The Racing 92 lock was part of a lighter, leaner France boiler house with Paul Willemse injured, but continues to burnish his reputation as a line-out genius. He steered an excellent French set-piece while continuing to provide moments of explosive hole-punching on the carry.
Brodie Retallick was in tasty form once his suspension ended, and Richie Gray transformed Scotland’s line-out on his return to the international stage.
The Springbok giant is playing some of the very best rugby of his storied career. He is lacing the usual relentless snarl in collisions with some beautiful flourishes of skill. He put Arendse in for a crucial try in Dublin with a sumptuous ball over the top, and showed sufficient pace to match the winger on the charge in Florence. He spearheaded the depleted Boks’ dogged efforts in Marseille and England could not live with his brilliance in the final match. Etzebeth deserved far greater recognition from the World Rugby player of the year nominators.
The only beacon of light in the darkest of Welsh autumns. Wayne Pivac famously left Morgan at home for the summer tour of South Africa, citing his modest stature. Morgan has done a tremendous job of making the coach eat his words since. Despite Wales’ collapse, the young Osprey carried like a beast against the Wallabies, scoring two tries, and providing the customary jackal nuisance. He was excellent in the shocking loss to Georgia, too, and his blistering performance off the bench to grind out victory over Argentina had many purring, including a certain Warren Gatland.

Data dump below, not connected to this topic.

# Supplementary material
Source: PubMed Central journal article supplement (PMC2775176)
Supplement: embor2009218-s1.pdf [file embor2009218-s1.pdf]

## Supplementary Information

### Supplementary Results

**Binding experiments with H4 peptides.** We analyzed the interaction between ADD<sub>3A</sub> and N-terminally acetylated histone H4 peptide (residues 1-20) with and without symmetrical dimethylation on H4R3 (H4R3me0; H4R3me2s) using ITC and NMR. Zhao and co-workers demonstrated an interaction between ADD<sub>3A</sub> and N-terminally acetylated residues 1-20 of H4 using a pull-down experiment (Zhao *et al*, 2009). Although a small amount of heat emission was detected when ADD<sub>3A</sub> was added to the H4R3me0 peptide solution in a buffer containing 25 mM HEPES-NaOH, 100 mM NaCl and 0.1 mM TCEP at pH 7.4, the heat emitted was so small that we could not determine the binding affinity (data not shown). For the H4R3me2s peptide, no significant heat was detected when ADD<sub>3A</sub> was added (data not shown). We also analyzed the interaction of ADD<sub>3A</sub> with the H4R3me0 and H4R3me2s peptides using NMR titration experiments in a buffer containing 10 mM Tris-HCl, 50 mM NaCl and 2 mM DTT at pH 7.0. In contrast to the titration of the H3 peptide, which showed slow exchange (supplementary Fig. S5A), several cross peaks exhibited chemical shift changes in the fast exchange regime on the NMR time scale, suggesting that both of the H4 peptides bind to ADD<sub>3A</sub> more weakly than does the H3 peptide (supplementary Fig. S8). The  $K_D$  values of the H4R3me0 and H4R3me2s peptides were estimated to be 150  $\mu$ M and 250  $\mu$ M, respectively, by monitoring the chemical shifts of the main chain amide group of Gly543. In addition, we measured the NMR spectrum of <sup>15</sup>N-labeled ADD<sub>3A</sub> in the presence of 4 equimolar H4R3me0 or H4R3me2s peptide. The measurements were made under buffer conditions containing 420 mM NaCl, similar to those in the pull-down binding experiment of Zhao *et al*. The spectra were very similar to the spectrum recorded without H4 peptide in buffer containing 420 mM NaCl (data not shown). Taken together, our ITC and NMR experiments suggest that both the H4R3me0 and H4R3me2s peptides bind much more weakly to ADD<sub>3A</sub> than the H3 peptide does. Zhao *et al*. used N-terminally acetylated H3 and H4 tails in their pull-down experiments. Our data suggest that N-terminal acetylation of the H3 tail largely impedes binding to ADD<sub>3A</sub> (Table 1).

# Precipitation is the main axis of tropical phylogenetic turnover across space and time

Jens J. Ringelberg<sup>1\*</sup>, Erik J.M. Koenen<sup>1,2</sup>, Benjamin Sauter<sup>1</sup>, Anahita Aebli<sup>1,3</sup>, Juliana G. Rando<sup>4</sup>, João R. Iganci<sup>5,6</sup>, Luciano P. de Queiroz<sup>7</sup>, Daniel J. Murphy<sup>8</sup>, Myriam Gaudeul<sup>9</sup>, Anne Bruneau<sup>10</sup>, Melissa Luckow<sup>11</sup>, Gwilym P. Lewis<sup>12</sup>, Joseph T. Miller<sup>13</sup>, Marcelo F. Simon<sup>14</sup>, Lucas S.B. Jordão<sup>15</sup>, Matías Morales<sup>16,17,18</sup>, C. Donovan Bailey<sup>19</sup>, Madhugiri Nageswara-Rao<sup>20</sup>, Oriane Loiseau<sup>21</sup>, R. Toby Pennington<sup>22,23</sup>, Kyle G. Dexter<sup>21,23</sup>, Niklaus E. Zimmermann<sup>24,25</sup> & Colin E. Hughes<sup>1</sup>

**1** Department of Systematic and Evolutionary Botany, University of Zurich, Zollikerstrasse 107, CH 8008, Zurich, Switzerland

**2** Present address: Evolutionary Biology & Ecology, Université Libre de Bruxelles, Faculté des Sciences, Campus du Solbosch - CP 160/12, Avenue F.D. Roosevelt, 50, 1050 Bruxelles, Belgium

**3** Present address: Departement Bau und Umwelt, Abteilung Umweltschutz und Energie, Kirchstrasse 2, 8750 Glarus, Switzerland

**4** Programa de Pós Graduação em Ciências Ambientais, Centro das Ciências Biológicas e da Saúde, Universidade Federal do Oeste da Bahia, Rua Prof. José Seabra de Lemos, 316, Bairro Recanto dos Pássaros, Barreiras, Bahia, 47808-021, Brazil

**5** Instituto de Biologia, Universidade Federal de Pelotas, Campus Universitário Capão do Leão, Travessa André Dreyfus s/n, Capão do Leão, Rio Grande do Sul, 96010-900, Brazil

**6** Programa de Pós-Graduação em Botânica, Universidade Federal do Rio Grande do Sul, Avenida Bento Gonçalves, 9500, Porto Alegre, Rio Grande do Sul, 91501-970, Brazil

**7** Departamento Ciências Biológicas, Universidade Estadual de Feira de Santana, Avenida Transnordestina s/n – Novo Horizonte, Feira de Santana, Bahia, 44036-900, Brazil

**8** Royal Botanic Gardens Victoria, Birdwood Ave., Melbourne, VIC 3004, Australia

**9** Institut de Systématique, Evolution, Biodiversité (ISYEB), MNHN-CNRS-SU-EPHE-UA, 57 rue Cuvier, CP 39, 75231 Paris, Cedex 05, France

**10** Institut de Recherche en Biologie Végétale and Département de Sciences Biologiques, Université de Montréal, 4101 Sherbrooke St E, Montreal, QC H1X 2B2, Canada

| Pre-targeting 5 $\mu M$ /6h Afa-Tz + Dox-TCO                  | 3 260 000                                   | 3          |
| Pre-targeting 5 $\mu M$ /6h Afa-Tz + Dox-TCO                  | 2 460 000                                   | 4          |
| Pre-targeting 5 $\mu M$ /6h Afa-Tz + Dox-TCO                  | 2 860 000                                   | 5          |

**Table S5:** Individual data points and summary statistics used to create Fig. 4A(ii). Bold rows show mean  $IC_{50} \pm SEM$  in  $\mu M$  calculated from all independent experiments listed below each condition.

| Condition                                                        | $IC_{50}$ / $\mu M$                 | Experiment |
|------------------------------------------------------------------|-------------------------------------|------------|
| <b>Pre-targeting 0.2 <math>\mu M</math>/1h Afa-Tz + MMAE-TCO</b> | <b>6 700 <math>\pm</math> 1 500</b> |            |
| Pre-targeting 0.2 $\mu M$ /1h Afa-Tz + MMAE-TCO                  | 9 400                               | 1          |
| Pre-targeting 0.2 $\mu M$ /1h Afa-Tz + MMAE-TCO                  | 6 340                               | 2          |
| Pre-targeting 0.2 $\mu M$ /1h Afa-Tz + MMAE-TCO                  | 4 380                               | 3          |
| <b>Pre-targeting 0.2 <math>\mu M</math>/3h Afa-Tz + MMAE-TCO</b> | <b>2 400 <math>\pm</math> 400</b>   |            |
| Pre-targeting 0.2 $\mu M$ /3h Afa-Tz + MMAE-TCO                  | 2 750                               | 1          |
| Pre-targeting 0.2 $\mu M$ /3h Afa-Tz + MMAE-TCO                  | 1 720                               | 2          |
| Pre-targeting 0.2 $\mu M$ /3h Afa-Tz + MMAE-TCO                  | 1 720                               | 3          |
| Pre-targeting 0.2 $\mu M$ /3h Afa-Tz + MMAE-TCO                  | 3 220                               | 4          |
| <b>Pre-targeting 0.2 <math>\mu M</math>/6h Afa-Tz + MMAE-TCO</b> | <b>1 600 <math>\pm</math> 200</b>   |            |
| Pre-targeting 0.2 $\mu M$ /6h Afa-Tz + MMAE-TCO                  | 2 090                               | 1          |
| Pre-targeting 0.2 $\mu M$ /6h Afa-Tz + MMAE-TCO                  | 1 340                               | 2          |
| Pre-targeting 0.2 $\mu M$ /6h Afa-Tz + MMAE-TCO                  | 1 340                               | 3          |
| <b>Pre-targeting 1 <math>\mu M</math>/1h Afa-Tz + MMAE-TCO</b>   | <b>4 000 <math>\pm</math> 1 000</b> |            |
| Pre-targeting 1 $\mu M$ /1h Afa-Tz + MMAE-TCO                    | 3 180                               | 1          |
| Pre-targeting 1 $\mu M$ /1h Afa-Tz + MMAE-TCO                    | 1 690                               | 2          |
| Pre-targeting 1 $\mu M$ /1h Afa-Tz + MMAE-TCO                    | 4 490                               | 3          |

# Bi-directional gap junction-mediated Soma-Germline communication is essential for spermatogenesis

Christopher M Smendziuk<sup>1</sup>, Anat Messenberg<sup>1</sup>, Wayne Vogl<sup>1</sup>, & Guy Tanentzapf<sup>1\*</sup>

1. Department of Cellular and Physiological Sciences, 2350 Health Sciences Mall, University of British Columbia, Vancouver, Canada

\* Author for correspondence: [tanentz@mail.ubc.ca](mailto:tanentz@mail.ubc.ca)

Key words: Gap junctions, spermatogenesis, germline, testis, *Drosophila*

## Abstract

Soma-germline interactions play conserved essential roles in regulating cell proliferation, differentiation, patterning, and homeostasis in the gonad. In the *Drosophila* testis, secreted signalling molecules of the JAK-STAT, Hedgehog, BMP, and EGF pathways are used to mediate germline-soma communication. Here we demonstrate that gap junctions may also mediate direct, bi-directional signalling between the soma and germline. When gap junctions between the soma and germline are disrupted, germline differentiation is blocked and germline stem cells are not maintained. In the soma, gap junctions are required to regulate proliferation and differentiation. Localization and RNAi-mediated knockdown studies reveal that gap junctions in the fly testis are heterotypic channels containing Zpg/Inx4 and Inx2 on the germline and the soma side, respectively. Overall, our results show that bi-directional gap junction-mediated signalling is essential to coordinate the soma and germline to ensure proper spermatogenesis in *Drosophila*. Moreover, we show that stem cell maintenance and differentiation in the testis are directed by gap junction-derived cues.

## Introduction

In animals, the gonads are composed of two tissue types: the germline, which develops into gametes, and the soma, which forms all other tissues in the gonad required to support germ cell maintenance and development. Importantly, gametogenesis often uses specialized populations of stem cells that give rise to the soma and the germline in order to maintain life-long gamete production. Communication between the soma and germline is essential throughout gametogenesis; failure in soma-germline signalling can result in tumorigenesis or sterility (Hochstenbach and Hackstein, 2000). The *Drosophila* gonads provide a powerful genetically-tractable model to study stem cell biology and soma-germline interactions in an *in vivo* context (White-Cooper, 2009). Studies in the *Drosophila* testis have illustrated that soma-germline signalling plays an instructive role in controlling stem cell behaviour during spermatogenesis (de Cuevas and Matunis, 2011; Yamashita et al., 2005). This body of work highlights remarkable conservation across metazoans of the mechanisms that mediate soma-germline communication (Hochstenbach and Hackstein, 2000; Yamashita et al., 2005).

Played like a man possessed. The embodiment of Springbok belligerence. Kolisi was exceptional in the breakdown trenches and perhaps even better with ball in hand, making dents in defensive lines and finding soft shoulders. Without the ball, he was one of the most effective tacklers too, placing second for dominant hits across the entire autumn.
World player of the year, Josh van der Flier, capped a wonderful 2022 with a solid series, while Sam Cane will have a job wresting back the New Zealand number seven jersey from the rampaging Dalton Papali’i, who has so much to like about his game.
In a fluctuating and at times vulnerable All Blacks team, Savea remains a totem of strength. Few in world rugby make more ground after contact. Even more so than Etzebeth, his absence from the world player of the year shortlist was staggering.
In Lorenzo Cannone, Italy have found a rampaging new ball-carrier to bolster their back-row stocks.